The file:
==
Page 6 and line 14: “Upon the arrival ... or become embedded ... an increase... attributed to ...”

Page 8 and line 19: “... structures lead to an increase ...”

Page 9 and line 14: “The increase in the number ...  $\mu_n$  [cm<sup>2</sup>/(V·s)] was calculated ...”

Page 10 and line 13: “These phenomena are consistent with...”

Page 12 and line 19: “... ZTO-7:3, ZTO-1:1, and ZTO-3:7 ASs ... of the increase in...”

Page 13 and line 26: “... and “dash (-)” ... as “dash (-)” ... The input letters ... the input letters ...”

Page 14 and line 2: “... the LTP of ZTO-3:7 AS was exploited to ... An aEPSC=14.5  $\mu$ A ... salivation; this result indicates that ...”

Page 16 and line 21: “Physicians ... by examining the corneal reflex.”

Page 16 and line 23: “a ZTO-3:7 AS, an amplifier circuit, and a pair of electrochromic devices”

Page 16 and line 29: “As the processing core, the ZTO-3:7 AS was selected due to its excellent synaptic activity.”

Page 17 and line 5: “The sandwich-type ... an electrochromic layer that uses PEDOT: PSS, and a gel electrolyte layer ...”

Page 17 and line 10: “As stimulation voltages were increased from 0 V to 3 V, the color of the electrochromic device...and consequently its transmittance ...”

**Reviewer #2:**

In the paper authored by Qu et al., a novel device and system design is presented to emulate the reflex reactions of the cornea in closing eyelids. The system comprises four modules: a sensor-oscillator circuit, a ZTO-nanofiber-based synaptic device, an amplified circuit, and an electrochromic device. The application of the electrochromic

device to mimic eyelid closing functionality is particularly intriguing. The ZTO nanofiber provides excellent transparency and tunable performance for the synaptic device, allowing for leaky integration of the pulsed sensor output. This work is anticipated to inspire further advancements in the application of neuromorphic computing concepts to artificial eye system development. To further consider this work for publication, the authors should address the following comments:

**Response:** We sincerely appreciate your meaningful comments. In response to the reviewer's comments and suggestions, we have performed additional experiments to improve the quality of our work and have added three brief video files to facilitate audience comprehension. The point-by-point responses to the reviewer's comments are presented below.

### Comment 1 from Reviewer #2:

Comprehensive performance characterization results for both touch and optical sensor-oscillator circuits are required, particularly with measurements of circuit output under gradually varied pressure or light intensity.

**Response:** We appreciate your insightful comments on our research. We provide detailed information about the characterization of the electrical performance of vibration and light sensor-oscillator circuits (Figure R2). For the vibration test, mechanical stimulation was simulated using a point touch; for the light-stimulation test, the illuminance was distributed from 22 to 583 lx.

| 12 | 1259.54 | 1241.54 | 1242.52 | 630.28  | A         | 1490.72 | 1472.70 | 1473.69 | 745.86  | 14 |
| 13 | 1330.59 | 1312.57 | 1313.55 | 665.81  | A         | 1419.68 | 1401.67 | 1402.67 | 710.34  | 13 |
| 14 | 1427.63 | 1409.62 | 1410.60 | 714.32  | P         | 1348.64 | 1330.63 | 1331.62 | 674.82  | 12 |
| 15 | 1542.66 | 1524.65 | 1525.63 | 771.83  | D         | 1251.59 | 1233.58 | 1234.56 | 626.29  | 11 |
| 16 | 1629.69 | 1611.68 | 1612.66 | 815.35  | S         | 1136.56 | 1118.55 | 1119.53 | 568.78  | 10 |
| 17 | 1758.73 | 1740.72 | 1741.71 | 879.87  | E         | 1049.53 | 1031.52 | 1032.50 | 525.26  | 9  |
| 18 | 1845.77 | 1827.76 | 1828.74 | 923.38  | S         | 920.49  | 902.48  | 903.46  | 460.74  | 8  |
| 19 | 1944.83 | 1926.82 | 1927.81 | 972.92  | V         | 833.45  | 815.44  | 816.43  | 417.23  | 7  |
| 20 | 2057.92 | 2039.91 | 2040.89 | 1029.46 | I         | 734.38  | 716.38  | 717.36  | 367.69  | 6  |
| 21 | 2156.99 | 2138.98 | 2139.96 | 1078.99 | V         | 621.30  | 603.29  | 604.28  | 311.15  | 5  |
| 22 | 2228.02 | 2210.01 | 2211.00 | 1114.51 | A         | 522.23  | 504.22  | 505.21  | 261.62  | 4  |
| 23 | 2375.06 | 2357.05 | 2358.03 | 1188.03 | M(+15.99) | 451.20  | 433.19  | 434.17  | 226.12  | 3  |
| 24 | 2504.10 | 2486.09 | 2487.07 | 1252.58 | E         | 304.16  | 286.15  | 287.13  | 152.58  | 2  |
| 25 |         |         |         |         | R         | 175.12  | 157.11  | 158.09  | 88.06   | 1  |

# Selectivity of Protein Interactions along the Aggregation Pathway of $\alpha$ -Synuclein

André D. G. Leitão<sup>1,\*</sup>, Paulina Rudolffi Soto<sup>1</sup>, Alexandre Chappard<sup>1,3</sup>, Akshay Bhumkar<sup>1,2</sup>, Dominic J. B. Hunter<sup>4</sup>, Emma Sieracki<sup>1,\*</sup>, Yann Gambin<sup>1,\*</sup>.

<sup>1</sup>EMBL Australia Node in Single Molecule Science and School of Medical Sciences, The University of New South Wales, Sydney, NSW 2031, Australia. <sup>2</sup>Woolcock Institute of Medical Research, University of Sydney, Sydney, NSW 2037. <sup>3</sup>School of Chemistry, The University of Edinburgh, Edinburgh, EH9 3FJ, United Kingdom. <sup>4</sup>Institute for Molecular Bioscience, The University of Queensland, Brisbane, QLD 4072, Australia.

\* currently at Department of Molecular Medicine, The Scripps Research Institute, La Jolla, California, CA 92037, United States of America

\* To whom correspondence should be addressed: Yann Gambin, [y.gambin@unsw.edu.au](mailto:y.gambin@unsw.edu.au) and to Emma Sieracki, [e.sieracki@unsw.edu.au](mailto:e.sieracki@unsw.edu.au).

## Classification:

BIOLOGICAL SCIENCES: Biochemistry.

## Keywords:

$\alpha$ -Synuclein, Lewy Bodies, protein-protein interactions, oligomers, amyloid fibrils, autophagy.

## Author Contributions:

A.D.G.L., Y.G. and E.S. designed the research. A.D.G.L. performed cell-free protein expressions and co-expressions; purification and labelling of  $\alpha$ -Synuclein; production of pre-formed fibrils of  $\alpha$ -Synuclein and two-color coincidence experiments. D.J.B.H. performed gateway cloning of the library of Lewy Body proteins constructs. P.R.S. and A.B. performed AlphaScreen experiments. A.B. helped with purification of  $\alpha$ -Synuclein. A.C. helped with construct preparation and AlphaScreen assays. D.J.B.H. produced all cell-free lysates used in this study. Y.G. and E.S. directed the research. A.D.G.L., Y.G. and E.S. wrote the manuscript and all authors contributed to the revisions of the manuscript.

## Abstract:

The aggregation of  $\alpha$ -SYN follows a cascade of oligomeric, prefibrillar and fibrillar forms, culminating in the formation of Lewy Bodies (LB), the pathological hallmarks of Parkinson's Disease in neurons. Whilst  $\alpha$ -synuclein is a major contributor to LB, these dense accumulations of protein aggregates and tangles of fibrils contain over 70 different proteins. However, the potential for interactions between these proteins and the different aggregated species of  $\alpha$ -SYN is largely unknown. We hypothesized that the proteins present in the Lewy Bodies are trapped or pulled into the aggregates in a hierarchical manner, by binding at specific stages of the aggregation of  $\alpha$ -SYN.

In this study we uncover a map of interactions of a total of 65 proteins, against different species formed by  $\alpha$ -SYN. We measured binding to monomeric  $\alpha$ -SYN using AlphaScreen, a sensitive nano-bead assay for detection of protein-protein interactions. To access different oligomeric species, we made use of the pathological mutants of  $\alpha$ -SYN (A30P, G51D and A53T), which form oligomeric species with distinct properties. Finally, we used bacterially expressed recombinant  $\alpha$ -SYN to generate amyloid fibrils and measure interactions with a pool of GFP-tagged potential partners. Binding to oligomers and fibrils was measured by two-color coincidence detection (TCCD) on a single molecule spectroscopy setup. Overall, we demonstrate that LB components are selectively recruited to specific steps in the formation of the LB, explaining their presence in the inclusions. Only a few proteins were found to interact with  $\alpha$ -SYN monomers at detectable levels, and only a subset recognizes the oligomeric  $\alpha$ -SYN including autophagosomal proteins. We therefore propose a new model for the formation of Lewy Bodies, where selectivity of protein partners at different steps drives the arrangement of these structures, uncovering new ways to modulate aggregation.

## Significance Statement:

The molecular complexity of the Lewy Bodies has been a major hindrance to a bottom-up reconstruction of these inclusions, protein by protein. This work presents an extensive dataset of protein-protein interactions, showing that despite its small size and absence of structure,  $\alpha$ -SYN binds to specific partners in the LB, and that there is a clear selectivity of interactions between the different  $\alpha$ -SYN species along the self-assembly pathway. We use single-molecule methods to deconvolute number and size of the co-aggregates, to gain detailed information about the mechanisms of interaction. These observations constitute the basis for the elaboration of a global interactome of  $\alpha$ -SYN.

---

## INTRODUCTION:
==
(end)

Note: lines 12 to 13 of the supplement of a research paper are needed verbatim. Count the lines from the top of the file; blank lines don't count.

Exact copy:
Page 17 and line 10: “As stimulation voltages were increased from 0 V to 3 V, the color of the electrochromic device...and consequently its transmittance ...”

**Reviewer #2:**